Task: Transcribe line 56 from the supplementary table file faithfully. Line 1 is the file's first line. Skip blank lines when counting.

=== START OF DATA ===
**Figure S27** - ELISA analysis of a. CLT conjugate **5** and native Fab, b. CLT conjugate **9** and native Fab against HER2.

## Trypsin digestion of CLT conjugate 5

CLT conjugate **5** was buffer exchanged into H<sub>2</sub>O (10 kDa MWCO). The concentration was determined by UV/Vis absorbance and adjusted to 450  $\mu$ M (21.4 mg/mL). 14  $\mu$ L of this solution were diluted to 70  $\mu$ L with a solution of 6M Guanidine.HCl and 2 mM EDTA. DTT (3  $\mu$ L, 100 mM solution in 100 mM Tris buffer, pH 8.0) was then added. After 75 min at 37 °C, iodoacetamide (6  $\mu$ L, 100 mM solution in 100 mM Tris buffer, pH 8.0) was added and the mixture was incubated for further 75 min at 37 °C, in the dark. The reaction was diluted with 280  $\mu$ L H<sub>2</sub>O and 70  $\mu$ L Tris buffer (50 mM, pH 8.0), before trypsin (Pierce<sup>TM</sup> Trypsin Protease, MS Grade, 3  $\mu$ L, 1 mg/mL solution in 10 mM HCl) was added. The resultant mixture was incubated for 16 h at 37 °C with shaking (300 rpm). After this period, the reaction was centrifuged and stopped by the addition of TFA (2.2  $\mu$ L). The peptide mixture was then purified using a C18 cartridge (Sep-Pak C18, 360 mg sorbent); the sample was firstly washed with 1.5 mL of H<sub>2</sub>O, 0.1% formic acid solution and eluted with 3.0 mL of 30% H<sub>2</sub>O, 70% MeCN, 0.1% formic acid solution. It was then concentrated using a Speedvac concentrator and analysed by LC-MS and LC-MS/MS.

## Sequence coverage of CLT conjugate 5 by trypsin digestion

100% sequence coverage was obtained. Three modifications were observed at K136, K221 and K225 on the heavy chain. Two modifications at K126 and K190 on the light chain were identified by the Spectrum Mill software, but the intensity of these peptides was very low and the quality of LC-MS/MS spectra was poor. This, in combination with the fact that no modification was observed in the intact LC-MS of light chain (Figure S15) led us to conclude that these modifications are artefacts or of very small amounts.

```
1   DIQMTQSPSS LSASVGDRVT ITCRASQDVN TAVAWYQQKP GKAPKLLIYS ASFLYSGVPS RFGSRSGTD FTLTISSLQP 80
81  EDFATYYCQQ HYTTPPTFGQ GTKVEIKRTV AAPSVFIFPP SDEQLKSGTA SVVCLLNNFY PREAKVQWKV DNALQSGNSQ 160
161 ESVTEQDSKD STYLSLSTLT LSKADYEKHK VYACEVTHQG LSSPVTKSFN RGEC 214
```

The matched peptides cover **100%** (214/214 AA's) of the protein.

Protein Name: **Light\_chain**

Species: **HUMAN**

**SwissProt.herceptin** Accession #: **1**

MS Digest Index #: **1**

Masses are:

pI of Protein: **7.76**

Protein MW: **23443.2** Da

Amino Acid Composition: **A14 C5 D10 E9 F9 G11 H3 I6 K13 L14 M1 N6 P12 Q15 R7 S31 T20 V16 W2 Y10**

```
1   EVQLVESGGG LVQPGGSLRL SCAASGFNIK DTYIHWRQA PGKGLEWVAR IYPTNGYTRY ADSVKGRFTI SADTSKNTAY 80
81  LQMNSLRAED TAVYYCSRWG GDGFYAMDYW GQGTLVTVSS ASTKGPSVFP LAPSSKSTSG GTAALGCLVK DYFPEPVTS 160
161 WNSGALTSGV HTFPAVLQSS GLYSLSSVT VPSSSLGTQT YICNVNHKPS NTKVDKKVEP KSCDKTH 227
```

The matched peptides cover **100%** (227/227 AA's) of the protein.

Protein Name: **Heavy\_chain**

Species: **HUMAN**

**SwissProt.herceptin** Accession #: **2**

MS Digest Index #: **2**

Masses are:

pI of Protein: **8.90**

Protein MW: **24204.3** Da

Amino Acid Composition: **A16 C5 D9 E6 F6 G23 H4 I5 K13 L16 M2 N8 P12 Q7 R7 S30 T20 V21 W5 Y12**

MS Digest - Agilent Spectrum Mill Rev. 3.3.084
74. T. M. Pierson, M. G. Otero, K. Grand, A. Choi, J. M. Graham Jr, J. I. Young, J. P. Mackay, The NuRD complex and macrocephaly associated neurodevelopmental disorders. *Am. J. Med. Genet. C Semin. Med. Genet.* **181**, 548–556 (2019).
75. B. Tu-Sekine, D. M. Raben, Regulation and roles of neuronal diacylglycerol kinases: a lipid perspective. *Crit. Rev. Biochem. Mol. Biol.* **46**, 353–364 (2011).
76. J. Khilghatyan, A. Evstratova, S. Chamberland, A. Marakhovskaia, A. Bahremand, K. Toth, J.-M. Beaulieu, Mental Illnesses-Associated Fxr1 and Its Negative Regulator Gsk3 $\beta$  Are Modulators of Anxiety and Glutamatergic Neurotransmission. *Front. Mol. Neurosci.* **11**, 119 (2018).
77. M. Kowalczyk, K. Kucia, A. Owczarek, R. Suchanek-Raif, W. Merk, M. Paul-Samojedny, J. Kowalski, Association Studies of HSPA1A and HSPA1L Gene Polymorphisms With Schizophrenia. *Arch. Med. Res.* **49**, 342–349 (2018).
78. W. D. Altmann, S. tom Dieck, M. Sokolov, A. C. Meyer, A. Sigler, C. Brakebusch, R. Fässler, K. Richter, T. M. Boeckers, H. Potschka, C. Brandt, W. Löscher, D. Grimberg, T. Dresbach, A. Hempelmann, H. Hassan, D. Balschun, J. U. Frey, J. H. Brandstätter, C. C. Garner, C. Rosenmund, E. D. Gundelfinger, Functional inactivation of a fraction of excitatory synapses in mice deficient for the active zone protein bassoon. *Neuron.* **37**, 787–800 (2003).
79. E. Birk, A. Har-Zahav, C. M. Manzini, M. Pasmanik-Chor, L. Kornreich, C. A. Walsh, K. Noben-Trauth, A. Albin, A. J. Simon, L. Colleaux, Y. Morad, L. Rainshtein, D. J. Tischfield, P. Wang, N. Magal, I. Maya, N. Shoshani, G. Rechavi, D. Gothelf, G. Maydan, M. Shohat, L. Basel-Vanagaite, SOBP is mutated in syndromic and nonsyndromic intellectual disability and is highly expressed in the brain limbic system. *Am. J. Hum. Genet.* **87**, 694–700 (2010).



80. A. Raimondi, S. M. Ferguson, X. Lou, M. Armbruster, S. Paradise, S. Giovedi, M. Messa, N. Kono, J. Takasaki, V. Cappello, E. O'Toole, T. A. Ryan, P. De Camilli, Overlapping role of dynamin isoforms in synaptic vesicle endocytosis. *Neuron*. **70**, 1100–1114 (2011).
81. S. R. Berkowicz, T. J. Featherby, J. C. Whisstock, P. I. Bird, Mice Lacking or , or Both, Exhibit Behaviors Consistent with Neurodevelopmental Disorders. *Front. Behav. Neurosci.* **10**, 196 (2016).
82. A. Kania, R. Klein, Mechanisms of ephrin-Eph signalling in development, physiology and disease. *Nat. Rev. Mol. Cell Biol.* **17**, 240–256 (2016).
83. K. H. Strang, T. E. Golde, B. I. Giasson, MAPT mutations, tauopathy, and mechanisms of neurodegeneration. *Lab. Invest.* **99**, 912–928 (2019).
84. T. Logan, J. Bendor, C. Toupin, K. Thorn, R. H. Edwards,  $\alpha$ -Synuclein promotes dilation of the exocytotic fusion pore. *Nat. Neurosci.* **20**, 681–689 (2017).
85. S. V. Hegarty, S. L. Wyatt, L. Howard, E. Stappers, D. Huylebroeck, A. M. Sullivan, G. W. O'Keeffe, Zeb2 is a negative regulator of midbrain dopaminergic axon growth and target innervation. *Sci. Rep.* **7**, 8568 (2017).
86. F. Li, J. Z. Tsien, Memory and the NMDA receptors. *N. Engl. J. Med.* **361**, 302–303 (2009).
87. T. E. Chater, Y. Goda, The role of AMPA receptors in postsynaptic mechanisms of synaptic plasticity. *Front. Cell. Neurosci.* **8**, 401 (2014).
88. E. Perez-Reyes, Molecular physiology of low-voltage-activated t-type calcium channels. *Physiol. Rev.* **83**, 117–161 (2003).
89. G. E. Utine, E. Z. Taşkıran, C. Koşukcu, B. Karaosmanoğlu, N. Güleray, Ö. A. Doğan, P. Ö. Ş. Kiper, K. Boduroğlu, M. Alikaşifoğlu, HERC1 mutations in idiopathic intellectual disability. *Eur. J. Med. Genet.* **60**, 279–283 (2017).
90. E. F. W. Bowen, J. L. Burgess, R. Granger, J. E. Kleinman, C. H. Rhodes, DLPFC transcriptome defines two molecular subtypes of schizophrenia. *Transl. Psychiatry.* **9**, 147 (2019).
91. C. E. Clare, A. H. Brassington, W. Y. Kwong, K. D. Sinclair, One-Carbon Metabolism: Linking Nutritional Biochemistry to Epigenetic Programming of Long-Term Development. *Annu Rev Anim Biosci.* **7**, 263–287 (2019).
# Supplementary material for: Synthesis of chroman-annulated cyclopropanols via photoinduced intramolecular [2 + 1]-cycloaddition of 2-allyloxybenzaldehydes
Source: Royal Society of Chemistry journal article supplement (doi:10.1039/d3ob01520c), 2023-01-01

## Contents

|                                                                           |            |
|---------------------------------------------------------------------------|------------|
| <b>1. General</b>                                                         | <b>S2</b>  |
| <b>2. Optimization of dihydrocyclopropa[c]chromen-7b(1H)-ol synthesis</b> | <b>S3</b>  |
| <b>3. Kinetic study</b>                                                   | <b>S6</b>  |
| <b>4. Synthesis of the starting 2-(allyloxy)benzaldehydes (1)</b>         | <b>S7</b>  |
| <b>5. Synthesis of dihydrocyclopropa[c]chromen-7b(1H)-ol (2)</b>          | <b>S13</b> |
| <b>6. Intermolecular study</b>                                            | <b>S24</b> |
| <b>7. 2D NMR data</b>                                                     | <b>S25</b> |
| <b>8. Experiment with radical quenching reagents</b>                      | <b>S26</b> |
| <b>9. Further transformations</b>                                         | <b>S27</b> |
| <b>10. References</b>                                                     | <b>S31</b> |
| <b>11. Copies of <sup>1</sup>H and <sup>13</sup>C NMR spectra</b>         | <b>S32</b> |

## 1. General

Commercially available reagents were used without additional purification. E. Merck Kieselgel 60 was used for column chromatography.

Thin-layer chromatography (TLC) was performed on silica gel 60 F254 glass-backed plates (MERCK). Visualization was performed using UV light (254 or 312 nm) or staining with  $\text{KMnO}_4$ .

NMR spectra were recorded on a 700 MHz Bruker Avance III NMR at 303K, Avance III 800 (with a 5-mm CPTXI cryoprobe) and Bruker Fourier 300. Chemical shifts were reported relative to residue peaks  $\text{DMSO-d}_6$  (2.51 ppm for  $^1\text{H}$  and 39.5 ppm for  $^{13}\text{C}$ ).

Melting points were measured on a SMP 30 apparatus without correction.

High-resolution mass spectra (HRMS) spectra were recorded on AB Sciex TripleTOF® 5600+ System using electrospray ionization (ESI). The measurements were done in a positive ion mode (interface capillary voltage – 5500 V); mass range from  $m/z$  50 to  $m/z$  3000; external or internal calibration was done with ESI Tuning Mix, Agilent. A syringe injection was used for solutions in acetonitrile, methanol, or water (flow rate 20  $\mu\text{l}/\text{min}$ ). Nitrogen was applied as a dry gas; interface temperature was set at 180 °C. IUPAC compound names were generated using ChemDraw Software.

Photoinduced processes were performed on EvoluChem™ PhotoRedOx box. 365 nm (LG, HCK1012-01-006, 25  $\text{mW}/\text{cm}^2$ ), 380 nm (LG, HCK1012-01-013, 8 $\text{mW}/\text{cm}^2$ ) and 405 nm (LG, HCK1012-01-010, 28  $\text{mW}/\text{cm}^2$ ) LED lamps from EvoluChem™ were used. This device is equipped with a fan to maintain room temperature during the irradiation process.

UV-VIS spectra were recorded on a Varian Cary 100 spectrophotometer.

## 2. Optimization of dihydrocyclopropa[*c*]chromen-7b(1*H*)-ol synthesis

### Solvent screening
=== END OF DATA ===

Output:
|                                                                           |            |